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I've read many times that every galaxy contains a black hole at the center. So is the creation of a galaxy linked to black holes?

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    $\begingroup$ Not every galaxy has a black hole in the center. The central massive object for some galaxies are nuclear star clusters. $\endgroup$ Commented Sep 12, 2016 at 12:02
  • $\begingroup$ Possible duplicate of Which came first: black holes or galaxies? or Supermassive black holes at the center of galaxies $\endgroup$
    – called2voyage
    Commented Sep 12, 2016 at 13:51
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    $\begingroup$ And some galaxies contain neither a central black hole nor a nuclear star cluster. $\endgroup$ Commented Sep 12, 2016 at 15:20
  • $\begingroup$ @PeterErwin Is there something else? Or are you saying that there doesn't necessarily have to be a massive object at the center of the galaxy to form? $\endgroup$ Commented Sep 12, 2016 at 23:30
  • $\begingroup$ @ElBromista: The latter. To give a local example, both the Large and Small Magellanic Clouds lack central massive objects. $\endgroup$ Commented Sep 13, 2016 at 6:54

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Firstly, observation supports that:

black holes are present in essentially every galaxy that has a bulge component

So, we can say a lot of galaxies have central black holes. But there are some type of galaxies which do not have a bulge, such as dwarf galaxies. For those we can not be sure if there is a black hole in the centre.

The link between the central super massive black holes (SMBH) and the host galaxies are build because people find a tight correlation between the mass of the SMBHs and the stellar mass of the bulge of the host galaxies. Thus, it's natural to think that there might be an relation in which the SMBHs and the host galaxies are effecting each other while they evolve.

Actually, nowadays people find the truth is much more complicated. This is still quite a hot research topic in astrophysics.

For more information, you can check this annual review paper: https://arxiv.org/abs/1304.7762

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  • $\begingroup$ Exactly, we're not sure about dwarfs; and by number dwarf galaxies are the most abundant. So I think "almost every galaxy" is a grave overstatement $\endgroup$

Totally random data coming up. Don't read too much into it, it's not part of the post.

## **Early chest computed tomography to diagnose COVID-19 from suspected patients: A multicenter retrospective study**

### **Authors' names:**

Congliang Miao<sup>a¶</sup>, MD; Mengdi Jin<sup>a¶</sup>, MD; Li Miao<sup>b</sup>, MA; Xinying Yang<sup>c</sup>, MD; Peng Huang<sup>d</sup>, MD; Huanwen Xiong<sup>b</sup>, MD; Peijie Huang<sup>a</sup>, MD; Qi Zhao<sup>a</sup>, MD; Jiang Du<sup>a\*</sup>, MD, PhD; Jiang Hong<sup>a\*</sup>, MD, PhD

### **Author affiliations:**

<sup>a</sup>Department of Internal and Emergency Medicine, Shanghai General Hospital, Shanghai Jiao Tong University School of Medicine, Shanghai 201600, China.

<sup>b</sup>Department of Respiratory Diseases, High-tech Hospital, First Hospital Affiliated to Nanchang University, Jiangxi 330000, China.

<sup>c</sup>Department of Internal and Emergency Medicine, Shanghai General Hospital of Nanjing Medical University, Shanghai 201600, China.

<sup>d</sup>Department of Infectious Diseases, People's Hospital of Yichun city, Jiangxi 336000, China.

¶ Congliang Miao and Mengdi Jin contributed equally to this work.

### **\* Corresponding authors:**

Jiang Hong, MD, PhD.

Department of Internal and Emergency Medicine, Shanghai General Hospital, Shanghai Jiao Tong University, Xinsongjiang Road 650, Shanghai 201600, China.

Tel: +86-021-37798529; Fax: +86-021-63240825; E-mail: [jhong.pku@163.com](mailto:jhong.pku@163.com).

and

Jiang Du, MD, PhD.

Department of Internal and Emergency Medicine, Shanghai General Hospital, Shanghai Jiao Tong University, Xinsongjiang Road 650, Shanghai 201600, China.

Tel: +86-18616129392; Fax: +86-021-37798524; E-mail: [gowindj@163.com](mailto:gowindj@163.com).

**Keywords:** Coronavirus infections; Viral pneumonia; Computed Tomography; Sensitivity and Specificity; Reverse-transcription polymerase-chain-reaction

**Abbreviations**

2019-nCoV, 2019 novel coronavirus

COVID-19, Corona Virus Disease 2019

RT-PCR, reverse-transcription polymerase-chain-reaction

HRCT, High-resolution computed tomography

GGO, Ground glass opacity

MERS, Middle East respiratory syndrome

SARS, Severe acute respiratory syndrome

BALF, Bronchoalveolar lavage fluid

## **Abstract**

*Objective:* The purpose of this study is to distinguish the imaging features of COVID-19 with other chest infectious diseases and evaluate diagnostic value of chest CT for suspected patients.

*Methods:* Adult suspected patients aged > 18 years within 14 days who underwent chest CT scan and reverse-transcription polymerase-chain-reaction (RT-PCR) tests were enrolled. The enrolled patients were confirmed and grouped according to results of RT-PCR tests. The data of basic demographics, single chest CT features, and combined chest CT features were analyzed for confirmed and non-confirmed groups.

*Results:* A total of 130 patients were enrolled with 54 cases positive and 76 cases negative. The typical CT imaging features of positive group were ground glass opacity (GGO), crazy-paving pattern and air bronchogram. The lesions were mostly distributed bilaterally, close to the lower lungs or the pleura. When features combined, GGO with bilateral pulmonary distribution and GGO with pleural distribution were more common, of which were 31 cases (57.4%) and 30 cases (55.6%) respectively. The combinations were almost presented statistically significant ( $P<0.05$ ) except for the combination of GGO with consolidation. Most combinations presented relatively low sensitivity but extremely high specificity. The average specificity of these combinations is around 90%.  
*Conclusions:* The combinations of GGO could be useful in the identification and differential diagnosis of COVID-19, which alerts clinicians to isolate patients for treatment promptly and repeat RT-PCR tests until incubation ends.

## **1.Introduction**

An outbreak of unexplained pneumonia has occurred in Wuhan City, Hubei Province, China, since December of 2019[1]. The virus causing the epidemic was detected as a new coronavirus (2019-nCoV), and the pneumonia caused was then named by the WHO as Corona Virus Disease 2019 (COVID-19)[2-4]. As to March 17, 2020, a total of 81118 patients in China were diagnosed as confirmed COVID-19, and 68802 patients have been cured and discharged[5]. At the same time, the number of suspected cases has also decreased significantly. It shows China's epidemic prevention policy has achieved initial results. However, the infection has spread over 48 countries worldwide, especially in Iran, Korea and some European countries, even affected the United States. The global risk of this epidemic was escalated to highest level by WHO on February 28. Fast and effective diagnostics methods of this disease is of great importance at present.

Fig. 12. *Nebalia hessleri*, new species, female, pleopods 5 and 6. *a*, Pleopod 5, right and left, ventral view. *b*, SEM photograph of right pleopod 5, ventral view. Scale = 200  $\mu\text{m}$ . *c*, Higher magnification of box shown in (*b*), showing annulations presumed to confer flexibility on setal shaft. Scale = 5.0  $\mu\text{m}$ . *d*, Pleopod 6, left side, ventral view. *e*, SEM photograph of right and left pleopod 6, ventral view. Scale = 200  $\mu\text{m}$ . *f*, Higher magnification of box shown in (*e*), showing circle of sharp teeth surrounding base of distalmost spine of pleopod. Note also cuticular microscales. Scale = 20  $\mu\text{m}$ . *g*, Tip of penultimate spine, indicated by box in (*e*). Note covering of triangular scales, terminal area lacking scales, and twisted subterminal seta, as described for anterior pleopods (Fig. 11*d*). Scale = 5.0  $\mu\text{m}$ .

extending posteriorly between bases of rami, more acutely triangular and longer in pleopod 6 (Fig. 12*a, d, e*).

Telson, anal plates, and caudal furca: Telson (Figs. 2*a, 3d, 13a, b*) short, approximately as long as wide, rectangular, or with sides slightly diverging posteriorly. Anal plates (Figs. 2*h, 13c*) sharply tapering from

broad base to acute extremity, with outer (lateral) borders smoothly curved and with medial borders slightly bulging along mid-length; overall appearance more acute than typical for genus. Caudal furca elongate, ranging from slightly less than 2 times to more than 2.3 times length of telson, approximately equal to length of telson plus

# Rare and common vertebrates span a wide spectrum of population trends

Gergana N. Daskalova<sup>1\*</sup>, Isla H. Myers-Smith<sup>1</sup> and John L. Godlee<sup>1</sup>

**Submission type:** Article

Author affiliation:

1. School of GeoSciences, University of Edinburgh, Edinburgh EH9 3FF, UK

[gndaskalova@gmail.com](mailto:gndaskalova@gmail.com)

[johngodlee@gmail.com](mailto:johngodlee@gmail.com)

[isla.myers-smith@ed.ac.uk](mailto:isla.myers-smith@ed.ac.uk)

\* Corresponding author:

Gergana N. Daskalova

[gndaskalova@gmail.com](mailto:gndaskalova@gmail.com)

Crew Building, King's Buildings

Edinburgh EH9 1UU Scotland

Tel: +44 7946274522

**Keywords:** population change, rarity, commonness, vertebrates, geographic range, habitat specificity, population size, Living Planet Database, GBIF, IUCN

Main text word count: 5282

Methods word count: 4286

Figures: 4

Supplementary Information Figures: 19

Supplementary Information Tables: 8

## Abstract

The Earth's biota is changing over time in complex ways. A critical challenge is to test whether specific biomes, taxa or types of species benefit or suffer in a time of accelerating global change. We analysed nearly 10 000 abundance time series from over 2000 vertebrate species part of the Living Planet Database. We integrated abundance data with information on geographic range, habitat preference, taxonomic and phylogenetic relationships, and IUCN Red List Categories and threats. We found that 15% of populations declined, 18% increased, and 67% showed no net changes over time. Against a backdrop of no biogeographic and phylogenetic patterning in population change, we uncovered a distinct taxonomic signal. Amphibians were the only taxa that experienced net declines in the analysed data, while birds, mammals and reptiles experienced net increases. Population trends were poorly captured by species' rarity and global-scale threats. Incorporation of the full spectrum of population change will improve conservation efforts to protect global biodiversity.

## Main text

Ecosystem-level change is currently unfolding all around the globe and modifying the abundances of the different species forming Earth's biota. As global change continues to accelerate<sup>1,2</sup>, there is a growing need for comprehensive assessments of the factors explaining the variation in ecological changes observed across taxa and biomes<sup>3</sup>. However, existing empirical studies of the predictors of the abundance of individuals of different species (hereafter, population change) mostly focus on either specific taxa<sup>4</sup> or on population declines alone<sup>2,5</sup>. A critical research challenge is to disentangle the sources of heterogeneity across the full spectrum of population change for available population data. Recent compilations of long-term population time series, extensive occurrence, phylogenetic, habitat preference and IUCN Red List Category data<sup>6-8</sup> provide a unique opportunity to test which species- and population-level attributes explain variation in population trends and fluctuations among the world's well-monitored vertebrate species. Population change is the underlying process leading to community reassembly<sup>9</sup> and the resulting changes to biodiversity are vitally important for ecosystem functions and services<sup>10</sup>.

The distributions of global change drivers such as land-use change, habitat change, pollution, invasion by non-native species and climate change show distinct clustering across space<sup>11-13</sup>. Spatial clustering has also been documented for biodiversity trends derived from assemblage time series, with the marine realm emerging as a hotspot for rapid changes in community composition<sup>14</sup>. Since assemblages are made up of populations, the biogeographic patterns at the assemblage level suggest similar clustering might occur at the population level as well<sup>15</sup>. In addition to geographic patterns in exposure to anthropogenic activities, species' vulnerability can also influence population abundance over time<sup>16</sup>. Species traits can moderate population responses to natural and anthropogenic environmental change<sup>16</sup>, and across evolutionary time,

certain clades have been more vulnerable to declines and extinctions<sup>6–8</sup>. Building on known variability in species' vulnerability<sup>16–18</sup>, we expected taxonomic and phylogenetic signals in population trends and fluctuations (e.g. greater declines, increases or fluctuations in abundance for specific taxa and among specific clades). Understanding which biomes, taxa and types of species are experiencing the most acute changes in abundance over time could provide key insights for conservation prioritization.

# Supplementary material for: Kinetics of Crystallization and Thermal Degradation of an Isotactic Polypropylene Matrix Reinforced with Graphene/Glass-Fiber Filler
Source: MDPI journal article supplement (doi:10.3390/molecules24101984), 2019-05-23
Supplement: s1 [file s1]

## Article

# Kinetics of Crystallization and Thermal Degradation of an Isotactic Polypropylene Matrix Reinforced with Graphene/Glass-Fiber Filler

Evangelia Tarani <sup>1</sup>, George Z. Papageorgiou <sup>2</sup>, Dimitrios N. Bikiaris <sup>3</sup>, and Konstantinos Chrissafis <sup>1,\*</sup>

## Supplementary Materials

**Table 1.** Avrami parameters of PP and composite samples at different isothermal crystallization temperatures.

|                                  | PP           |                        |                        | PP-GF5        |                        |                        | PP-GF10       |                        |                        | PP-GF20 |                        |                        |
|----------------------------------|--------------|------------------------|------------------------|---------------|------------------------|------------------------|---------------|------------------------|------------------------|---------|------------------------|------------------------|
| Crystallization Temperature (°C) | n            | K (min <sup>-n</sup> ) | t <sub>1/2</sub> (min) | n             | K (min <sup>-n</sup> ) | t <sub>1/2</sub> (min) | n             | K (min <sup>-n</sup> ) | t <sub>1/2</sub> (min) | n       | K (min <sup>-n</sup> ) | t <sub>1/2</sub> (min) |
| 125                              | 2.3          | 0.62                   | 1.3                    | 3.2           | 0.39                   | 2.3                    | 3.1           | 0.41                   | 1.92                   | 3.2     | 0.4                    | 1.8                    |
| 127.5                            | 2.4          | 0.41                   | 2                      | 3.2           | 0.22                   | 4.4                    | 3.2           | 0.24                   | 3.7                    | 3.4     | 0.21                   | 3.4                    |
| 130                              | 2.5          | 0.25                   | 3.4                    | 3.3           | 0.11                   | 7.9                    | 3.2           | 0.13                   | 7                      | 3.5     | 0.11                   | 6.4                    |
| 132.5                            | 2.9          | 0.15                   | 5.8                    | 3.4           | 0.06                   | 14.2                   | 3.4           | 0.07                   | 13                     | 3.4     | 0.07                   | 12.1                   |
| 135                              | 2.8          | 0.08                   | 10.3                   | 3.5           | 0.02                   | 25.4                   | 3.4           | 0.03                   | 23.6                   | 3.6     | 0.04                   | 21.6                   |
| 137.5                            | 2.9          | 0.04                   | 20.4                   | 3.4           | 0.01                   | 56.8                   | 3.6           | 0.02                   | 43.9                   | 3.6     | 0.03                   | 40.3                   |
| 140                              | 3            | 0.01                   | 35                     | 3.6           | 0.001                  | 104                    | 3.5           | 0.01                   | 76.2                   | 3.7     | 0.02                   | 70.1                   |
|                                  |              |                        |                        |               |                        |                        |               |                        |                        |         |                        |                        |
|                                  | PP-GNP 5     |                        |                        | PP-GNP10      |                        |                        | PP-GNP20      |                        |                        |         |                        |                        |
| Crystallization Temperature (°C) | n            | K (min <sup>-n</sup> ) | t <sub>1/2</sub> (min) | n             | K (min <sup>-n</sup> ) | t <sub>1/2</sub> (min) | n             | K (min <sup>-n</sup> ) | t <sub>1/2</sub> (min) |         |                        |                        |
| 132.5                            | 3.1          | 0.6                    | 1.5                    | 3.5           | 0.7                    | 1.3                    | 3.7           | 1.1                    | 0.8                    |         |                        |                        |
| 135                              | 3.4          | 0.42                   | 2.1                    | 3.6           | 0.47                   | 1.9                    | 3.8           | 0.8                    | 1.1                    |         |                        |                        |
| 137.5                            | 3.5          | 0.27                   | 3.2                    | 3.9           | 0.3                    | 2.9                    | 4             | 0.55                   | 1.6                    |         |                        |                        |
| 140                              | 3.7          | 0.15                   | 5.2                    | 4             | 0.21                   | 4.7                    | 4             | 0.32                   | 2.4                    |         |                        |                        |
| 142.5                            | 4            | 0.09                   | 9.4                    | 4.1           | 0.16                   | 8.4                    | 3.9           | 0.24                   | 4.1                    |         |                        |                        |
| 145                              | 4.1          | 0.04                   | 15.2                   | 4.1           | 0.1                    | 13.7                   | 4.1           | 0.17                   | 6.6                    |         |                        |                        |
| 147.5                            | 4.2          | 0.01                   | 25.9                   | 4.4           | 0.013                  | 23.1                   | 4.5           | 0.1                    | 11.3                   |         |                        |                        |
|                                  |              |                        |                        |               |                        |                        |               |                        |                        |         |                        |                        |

– user1991
    Commented Sep 21, 2016 at 18:51
  • $\begingroup$ Note that it states "that has a bulge", dwarf galaxies do not have bulges. $\endgroup$
    – CyTex
    Commented Mar 24, 2021 at 20:49
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Most of the galaxies are believed to host a super massive black hole. The black hole in return has a dramatic impact on the evolution of the galaxy, an effect usually called "AGN feedback". Quoting W. Ishibashi, A. C. Fabian:

Active Galactic Nuclei (AGN), regions of extremely high luminosity at the centers of some galaxies, are thought to radiate due to accretion onto a supermassive black hole. This emitted radiation, or feedback, sends energy into its environment and influences the evolution of the host galaxy. The details of this feedback are not well understood. We do, however, observe several relationships between properties of the host galaxy and the central black hole — the most prominent of which is the M-sigma relation. This empirical correlation states that the black hole mass (M) scales as the fourth power of the velocity dispersion (sigma) of stars in the galactic bulge. Clearly, there is some connection between the evolution of the black hole and that of its host galaxy.

The topic of understanding how the supermassive black hole form in the first place, evolve and interact with their galaxy is still in debate among the scientific community, so it is impossible to fully answer your question yet.

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